During the heyday of IE6, frontend design was in murky waters. The frontend designer would need to employ lots of hacks, patches, and workarounds just to achieve the look and feel of a grand mock-up. Remember:
- when we used
- when we used a 1×1 transparent pixel as spacer image?
- when we exported images as masks to make rounded rectangles?
- when we used images as gradients?
These were just a minute part of the painful challenges frontend designers faced yet nothing stopped us from adapting to the crappy non-standard browsers of that time. We moulded the web into different appearances despite the difficulties. Remember the time:
- when pixel fonts were in?
- when DHTML was so fancy that sites had snowflakes falling on them and cursors were customized with trailing stars?
- of “Web 2.0” – the proliferation of badges, loading icons, fab aqua buttons?
- of letterpress typography?
- of minimalism?
- when full-screen images is the template of all websites?
Consider this scenario:
- you are the product owner of Siete Baracos (a tool that helps people with coffee measurements and ingredients)
- how will you inform the designers, developers, testers about the basic technical information of the product?
- thru a Technical Document, of course!
So here’s the basic format of the document:
Name: Siete Baracos
Description: Siete Baracos is a tool that helps people in making coffee thru measurements and ingredients.
- Website URL: http://sietebaracosapp.com
- Google Play URL: https://play.google.com/store/apps/details?id=com.siete.baracos
- Purpose: Brochure
- Primary Device: Desktop Computer
- Secondary Device: iPad
- Lowest Browser Version Supported: IE 8
- Mobile Response: 768 px
- Template System (Python, PHP)
- CMS (WordPress)
- HTML (Bootstrap, Foundation, Web Starter Kit)
- None (Plain HTML)
- Primary Device: Samsung Galaxy Y
- Secondary Device: Any
- Lowest Version Supported: Froyo (2.3)
These basic information of the product acts as guideline and sets the context in which the product revolves around.
Now, team members will not blindly test the app using a device lower than the version stated.
It was a very early morning at 10 a.m. I was half asleep, half awake when a phone call jolted me from sleepiness. The signal inside the apartment was so weak that I went outside to answer the call. It was an invitation from Chikka for an interview.
A mere seven months ago, I resigned from a night-shift job and ventured onto the mountains – equivalent to working freelance without a clear business plan. The offer from the other line was a real wake-up call for me to set focus once again into designing for the web. The position being offered was quite new to me – User Interface Designer. I said that as long as it’s on a senior level, I was interested.
Web products need to be supplied with a Technocal Document. Its content are the basic specifications of a mobile app or website in the following aspects:
Filled-up by developer
- Programming Language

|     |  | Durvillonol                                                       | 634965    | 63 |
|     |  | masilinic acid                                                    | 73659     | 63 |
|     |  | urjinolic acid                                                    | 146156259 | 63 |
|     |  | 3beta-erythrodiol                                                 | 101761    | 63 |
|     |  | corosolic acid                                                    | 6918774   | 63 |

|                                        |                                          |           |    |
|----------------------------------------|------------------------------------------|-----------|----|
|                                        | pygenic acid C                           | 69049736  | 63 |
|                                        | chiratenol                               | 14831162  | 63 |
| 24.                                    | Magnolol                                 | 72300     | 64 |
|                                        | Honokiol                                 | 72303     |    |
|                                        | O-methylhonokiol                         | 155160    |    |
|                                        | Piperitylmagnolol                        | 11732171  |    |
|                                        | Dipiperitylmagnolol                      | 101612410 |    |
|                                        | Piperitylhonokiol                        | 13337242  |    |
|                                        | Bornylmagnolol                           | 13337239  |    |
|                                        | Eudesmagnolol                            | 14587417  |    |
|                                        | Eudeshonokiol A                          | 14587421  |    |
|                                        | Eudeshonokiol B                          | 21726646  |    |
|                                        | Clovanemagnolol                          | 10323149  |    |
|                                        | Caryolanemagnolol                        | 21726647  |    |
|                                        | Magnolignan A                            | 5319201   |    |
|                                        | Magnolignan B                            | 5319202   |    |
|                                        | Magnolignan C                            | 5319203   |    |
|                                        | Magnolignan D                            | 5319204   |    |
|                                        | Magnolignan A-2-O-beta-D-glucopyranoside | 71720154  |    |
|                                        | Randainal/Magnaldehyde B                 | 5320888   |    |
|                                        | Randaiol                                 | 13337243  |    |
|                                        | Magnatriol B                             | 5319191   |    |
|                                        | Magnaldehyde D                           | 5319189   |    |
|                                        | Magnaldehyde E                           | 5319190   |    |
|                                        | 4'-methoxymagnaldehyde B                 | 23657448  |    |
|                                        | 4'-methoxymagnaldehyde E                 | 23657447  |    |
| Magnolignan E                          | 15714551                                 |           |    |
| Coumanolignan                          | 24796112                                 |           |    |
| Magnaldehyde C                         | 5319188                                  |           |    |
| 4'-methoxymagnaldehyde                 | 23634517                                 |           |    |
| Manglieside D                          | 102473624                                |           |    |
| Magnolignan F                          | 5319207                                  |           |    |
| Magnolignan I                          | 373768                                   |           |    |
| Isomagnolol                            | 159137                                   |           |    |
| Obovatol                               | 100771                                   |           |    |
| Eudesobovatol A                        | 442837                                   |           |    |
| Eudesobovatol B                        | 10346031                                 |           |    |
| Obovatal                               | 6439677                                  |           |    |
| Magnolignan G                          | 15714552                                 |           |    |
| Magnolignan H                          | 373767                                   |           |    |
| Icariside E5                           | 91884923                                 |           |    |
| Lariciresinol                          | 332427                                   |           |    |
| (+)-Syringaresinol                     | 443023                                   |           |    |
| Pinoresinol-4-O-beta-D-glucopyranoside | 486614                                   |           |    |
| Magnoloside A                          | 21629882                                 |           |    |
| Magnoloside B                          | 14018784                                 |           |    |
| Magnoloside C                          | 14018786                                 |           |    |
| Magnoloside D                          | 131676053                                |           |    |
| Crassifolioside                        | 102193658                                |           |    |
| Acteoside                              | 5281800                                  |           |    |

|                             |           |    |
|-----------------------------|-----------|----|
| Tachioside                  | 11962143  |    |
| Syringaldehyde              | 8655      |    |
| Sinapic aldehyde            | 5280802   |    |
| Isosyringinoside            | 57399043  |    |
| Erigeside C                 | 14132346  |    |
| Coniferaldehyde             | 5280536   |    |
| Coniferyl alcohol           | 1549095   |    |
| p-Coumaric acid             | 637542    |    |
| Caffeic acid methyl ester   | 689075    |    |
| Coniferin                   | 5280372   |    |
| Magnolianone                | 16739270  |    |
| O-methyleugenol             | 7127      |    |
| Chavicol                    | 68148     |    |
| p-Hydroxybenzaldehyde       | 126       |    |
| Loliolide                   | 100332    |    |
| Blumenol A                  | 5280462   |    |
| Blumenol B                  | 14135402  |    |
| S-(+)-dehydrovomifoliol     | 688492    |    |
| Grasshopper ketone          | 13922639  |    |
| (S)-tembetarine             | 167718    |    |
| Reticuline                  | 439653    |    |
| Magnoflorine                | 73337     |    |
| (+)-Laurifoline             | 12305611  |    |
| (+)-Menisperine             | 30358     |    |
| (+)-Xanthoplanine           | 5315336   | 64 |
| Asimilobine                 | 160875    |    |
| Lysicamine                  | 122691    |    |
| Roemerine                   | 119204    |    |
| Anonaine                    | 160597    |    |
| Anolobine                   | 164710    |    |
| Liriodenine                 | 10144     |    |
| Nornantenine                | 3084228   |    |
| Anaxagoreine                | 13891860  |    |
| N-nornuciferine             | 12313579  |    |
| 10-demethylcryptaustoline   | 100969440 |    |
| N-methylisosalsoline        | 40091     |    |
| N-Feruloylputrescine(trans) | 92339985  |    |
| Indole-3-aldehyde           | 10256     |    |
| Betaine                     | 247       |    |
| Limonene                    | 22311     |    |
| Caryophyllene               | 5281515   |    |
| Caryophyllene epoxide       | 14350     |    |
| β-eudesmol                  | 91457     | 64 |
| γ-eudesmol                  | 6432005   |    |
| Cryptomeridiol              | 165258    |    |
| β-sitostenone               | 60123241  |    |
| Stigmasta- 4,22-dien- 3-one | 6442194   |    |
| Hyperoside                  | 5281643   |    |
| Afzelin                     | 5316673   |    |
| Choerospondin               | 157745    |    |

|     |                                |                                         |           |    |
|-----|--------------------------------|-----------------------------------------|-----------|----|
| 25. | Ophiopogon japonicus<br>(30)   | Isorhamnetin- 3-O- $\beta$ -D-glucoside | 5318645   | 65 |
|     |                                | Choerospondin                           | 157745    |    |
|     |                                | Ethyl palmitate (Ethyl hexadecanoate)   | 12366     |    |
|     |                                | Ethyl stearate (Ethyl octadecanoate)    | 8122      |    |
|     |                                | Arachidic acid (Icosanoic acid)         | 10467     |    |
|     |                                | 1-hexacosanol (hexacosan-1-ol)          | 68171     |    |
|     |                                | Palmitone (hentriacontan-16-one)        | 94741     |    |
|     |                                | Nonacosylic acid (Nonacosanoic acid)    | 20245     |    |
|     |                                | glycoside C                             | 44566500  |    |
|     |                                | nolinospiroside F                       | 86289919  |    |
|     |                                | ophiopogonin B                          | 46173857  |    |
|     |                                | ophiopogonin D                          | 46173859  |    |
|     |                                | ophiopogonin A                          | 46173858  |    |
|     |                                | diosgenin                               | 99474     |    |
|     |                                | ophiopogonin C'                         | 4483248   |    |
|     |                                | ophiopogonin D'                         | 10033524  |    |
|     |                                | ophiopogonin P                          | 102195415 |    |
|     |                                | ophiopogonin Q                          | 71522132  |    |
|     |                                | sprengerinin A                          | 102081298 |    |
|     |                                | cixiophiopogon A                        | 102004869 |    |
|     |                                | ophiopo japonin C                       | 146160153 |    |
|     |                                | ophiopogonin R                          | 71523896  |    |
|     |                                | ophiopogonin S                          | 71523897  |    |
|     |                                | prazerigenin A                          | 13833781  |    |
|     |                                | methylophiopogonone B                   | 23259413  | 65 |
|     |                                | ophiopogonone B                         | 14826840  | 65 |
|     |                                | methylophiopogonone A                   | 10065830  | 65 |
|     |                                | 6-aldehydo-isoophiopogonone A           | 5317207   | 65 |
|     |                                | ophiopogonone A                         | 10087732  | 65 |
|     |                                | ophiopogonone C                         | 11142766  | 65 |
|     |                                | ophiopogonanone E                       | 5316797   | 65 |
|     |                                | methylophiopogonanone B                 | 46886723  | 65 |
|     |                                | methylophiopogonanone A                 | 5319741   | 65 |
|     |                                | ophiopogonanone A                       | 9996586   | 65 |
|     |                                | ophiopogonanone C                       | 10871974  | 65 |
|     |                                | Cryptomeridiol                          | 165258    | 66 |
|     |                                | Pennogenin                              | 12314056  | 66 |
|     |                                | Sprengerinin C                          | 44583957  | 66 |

Filled-up by product developer
- Browser Version Support
- Mobile Version Support
Filled-up by front-end designer
- Mobile Response
This document aids all team members involved in the project by providing with a preview of each team’s specifications. It also puts in context the capabilities and limitations of the product.
Consider this scenario:
- the mobile app is in its Behavioral Testing stage
- the tester is informed that the mobile app is supported under a very old version of Android
- the tester ensures that the mobile app is tested on all key versions of Android
The same goes for websites wherein each team member knows that the product will not be supported in IE versions 8 and below.
A UI Review is a testing methodology conducted by a designer (UI/UX/Front-end) on web products prior to Usability Testing.
The first aspect to be reviewed is visual design and the second is usability.
This is conducted primarily to ensure that the obvious negative findings in a Usability Testing are lessened.
Consider this scenario:
- a working mobile app is available for testing prior to production (launch)
- a designer will conduct a UI Review
- the reviewer will take note of visual design inconsistencies and usability difficulties
- the designer will revise the design based on the findings
- the mobile app is ready for Usability Testing
It is recommended that a UI Review is conducted on a working product rather than on a prototype or mock-up because this puts the reviewer in the context of actual usage and not just a replicated one.
- Input – research and requirements; output – design artifacts, actual product
- How did we come up with the problem and solution?
- Have one solution and validate with users
- Set target users; create personas
- Continuous user research
- Improve the product for both the business and the users
UI Review/Usability Testing
- Refer to Components Masterlist
- Refer to Usability heuristics
- Create metrics
- Create activities and tasks
- Create directions on how to assume a persona